Have you ever pulled a book off the shelf in the Great Library and noticed a gold stamp on the front cover? The next time you see one, take a closer look – the stamp might be real gold leaf.
The practice of stamping library books can be traced all the way back to 1853 when a motion was made in Convocation to have all books and pamphlets owned by the library “marked with a stamp of the Society on the first and sixty-fourth page.” The reason for the stamping is given in 1883, when the library committee suggested that all books “ought to be stamped and marked so as to prevent the destruction of their identity as the property of the Society.”
While it is not indicated whether the initial stamping was with gold-leaf, we do have several examples of the stamps and their evolution through the years. The first version can be found in our rare book collection, on a collection of Egerton Ryerson Pamphlets from 1842.
The second version can be found on The Great Dominion Studies of Canada from 1895 and differs from the original stamp with some minor details, including the ribbon wrapping around the pillar (representing the Magna Charta) and the border.
The last version of the gold stamp can be seen on the Ontario Legislative Digest Service from 1998. This is a more stylized version of the Law Society crest, which also uses a lot less gold-leaf as the figures are only outlined in gold, rather than filled in.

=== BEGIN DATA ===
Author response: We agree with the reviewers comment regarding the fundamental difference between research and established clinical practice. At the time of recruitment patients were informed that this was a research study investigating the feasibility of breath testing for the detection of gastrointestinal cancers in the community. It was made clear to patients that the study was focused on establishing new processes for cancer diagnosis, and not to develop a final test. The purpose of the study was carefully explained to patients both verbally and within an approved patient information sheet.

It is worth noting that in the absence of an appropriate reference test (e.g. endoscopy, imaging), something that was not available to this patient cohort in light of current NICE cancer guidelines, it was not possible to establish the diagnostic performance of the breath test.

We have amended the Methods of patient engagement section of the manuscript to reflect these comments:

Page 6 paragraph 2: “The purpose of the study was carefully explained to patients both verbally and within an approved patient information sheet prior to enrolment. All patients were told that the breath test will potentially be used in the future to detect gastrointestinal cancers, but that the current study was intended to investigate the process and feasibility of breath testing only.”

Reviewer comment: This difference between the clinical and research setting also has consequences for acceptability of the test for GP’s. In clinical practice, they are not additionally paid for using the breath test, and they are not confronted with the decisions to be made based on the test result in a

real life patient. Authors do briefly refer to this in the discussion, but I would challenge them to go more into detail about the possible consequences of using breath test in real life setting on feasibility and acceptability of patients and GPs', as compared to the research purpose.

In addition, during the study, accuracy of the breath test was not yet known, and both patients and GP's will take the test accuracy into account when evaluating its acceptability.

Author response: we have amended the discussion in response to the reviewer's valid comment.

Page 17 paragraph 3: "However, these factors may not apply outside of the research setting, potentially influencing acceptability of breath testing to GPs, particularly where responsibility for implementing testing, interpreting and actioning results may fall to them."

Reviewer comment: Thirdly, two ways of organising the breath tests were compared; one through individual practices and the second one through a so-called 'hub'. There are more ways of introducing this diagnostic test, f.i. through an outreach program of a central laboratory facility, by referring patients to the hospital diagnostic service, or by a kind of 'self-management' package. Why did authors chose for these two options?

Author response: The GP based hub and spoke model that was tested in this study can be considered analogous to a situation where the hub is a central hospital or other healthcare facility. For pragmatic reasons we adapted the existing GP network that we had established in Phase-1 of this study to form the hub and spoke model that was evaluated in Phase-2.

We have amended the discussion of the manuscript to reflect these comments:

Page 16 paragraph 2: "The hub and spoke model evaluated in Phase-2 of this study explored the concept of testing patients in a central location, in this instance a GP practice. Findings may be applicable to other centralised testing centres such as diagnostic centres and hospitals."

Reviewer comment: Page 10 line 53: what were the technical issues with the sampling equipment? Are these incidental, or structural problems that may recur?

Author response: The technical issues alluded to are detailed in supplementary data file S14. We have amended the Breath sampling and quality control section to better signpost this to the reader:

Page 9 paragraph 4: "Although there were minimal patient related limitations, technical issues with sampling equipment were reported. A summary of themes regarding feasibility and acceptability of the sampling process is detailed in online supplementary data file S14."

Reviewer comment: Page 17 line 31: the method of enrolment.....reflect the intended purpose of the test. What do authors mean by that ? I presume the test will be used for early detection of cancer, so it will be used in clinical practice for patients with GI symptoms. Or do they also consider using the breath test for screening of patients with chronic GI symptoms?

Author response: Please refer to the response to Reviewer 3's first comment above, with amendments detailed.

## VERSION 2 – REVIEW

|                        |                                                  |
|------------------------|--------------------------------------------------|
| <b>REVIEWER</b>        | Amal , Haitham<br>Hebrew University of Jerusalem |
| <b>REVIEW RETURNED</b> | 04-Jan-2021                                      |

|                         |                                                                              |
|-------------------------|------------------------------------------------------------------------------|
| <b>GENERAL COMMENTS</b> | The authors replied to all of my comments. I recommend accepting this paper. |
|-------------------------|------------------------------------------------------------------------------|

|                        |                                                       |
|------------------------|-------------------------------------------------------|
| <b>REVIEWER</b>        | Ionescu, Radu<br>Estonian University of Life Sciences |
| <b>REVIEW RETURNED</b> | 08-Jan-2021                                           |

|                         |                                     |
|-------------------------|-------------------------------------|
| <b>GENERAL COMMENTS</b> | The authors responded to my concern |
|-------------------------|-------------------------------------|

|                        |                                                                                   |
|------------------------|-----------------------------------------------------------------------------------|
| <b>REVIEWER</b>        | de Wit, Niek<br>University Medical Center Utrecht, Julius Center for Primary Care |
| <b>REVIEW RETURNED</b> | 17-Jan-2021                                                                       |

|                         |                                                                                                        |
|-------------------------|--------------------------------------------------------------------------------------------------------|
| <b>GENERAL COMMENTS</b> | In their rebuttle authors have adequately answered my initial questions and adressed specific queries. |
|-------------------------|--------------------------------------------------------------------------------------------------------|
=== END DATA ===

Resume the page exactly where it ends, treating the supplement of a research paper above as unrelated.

So how exactly were the stamps placed on the books? This process was done in the library itself with a special gold-stamping machine. The library would receive rolls of gold-leaf from a company (unfortunately its name has been lost to time) whose only customer was the Great Library. The gold-leaf stamp would be used on all books received by the Great Library, new and donated, including softcover books (though this practice was stopped in 1992). Real gold-leaf foil was only used until the 1980s, when it was replaced by a gold coloured stamping foil instead. In the “golden age” of stamping, the library would gold-stamp an average of 2,000 volumes annually!
Unfortunately, this practice was stopped at the end of 2008. The machine used in stamping was unsafe and pieces would occasionally fall off. Additionally, there was no one around that could actually fix the gold-stamping machine, so the practice was discontinued. Lehmann’s Bookbinding, a company that still binds some of our library books to this day, continued this practice for a time afterwards however the stamp was not gold-leaf (or even gold coloured) but just plain black. Once it was no longer needed, the gold-stamping machine was discarded.
We still stamp books today, but only on the front page and top edge of the book with a regular “The Property of the Law Society” stamp. Definitely not as exciting as gold-leaf, but they still serve the purpose of identifying the books as library books.
 Minutes of Convocation, Saturday September 10, 1853, pg. 374-375, Law Society of Ontario Archives.
 Minutes of Convocation, February 6, 1883, pg. 125, Law Society of Ontario Archives.